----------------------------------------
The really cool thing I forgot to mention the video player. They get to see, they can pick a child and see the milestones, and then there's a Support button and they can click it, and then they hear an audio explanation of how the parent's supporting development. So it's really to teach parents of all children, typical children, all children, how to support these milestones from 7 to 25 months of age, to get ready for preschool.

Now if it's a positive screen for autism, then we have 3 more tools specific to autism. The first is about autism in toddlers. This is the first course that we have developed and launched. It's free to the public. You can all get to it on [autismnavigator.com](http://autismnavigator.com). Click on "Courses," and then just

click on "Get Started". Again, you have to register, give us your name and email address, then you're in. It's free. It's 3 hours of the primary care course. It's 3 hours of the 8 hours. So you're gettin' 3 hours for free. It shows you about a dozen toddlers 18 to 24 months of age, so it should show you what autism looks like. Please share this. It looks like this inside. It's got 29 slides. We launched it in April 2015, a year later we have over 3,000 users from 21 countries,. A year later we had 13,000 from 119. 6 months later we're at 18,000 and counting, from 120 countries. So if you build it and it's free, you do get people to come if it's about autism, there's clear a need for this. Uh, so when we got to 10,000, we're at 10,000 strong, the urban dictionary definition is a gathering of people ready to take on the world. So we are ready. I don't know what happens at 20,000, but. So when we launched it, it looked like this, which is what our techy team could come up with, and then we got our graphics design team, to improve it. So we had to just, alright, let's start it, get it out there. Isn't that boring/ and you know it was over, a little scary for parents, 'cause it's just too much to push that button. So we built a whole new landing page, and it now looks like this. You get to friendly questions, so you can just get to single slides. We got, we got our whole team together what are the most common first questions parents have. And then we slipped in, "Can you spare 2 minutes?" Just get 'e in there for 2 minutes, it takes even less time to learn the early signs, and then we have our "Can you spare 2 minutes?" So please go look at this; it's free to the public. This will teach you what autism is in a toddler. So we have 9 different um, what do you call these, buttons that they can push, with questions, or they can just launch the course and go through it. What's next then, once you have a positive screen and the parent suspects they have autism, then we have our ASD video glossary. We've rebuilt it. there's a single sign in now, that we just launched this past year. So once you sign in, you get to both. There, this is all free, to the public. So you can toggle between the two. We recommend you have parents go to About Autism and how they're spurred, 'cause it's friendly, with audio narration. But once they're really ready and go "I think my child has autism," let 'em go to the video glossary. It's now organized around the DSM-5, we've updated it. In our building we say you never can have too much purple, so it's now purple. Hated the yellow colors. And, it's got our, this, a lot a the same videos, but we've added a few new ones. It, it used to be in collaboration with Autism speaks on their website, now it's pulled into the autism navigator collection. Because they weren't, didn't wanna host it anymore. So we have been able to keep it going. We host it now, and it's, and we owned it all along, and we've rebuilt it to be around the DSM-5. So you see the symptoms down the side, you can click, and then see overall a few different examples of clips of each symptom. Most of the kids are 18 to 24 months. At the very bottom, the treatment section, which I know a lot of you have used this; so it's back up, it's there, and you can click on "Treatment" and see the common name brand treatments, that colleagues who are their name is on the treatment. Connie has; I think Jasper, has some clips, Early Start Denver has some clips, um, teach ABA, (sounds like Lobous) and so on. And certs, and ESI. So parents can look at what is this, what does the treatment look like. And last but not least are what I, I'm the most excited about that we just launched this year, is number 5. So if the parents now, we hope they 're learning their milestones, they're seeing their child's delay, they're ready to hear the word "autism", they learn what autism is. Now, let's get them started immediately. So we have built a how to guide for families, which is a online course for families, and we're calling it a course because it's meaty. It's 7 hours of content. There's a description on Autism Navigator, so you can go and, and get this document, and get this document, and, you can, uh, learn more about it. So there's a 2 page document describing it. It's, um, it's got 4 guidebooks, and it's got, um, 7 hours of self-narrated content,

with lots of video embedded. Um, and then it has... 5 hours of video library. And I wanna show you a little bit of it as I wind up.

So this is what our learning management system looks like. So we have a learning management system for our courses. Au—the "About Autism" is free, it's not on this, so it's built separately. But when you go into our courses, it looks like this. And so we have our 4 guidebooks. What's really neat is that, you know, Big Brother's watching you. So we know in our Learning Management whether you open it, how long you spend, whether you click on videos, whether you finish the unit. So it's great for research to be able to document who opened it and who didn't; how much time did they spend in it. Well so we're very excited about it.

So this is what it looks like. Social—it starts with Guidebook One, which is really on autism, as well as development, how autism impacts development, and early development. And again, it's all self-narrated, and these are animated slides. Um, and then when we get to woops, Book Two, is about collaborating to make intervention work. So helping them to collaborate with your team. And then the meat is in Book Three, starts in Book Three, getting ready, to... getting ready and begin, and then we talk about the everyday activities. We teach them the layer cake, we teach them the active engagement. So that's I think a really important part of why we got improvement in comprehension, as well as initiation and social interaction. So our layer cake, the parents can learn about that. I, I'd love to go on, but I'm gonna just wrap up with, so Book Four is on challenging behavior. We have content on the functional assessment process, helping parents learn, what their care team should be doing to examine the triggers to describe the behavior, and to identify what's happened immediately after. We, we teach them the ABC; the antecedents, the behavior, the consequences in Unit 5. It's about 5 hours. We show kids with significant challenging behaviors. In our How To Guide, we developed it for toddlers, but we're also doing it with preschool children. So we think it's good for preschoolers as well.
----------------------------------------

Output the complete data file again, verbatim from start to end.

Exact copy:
The really cool thing I forgot to mention the video player. They get to see, they can pick a child and see the milestones, and then there's a Support button and they can click it, and then they hear an audio explanation of how the parent's supporting development. So it's really to teach parents of all children, typical children, all children, how to support these milestones from 7 to 25 months of age, to get ready for preschool.

Now if it's a positive screen for autism, then we have 3 more tools specific to autism. The first is about autism in toddlers. This is the first course that we have developed and launched. It's free to the public. You can all get to it on [autismnavigator.com](http://autismnavigator.com). Click on "Courses," and then just

click on "Get Started". Again, you have to register, give us your name and email address, then you're in. It's free. It's 3 hours of the primary care course. It's 3 hours of the 8 hours. So you're gettin' 3 hours for free. It shows you about a dozen toddlers 18 to 24 months of age, so it should show you what autism looks like. Please share this. It looks like this inside. It's got 29 slides. We launched it in April 2015, a year later we have over 3,000 users from 21 countries,. A year later we had 13,000 from 119. 6 months later we're at 18,000 and counting, from 120 countries. So if you build it and it's free, you do get people to come if it's about autism, there's clear a need for this. Uh, so when we got to 10,000, we're at 10,000 strong, the urban dictionary definition is a gathering of people ready to take on the world. So we are ready. I don't know what happens at 20,000, but. So when we launched it, it looked like this, which is what our techy team could come up with, and then we got our graphics design team, to improve it. So we had to just, alright, let's start it, get it out there. Isn't that boring/ and you know it was over, a little scary for parents, 'cause it's just too much to push that button. So we built a whole new landing page, and it now looks like this. You get to friendly questions, so you can just get to single slides. We got, we got our whole team together what are the most common first questions parents have. And then we slipped in, "Can you spare 2 minutes?" Just get 'e in there for 2 minutes, it takes even less time to learn the early signs, and then we have our "Can you spare 2 minutes?" So please go look at this; it's free to the public. This will teach you what autism is in a toddler. So we have 9 different um, what do you call these, buttons that they can push, with questions, or they can just launch the course and go through it. What's next then, once you have a positive screen and the parent suspects they have autism, then we have our ASD video glossary. We've rebuilt it. there's a single sign in now, that we just launched this past year. So once you sign in, you get to both. There, this is all free, to the public. So you can toggle between the two. We recommend you have parents go to About Autism and how they're spurred, 'cause it's friendly, with audio narration. But once they're really ready and go "I think my child has autism," let 'em go to the video glossary. It's now organized around the DSM-5, we've updated it. In our building we say you never can have too much purple, so it's now purple. Hated the yellow colors. And, it's got our, this, a lot a the same videos, but we've added a few new ones. It, it used to be in collaboration with Autism speaks on their website, now it's pulled into the autism navigator collection. Because they weren't, didn't wanna host it anymore. So we have been able to keep it going. We host it now, and it's, and we owned it all along, and we've rebuilt it to be around the DSM-5. So you see the symptoms down the side, you can click, and then see overall a few different examples of clips of each symptom. Most of the kids are 18 to 24 months. At the very bottom, the treatment section, which I know a lot of you have used this; so it's back up, it's there, and you can click on "Treatment" and see the common name brand treatments, that colleagues who are their name is on the treatment. Connie has; I think Jasper, has some clips, Early Start Denver has some clips, um, teach ABA, (sounds like Lobous) and so on. And certs, and ESI. So parents can look at what is this, what does the treatment look like. And last but not least are what I, I'm the most excited about that we just launched this year, is number 5. So if the parents now, we hope they 're learning their milestones, they're seeing their child's delay, they're ready to hear the word "autism", they learn what autism is. Now, let's get them started immediately. So we have built a how to guide for families, which is a online course for families, and we're calling it a course because it's meaty. It's 7 hours of content. There's a description on Autism Navigator, so you can go and, and get this document, and get this document, and, you can, uh, learn more about it. So there's a 2 page document describing it. It's, um, it's got 4 guidebooks, and it's got, um, 7 hours of self-narrated content,

with lots of video embedded. Um, and then it has... 5 hours of video library. And I wanna show you a little bit of it as I wind up.

So this is what our learning management system looks like. So we have a learning management system for our courses. Au—the "About Autism" is free, it's not on this, so it's built separately. But when you go into our courses, it looks like this. And so we have our 4 guidebooks. What's really neat is that, you know, Big Brother's watching you. So we know in our Learning Management whether you open it, how long you spend, whether you click on videos, whether you finish the unit. So it's great for research to be able to document who opened it and who didn't; how much time did they spend in it. Well so we're very excited about it.

So this is what it looks like. Social—it starts with Guidebook One, which is really on autism, as well as development, how autism impacts development, and early development. And again, it's all self-narrated, and these are animated slides. Um, and then when we get to woops, Book Two, is about collaborating to make intervention work. So helping them to collaborate with your team. And then the meat is in Book Three, starts in Book Three, getting ready, to... getting ready and begin, and then we talk about the everyday activities. We teach them the layer cake, we teach them the active engagement. So that's I think a really important part of why we got improvement in comprehension, as well as initiation and social interaction. So our layer cake, the parents can learn about that. I, I'd love to go on, but I'm gonna just wrap up with, so Book Four is on challenging behavior. We have content on the functional assessment process, helping parents learn, what their care team should be doing to examine the triggers to describe the behavior, and to identify what's happened immediately after. We, we teach them the ABC; the antecedents, the behavior, the consequences in Unit 5. It's about 5 hours. We show kids with significant challenging behaviors. In our How To Guide, we developed it for toddlers, but we're also doing it with preschool children. So we think it's good for preschoolers as well.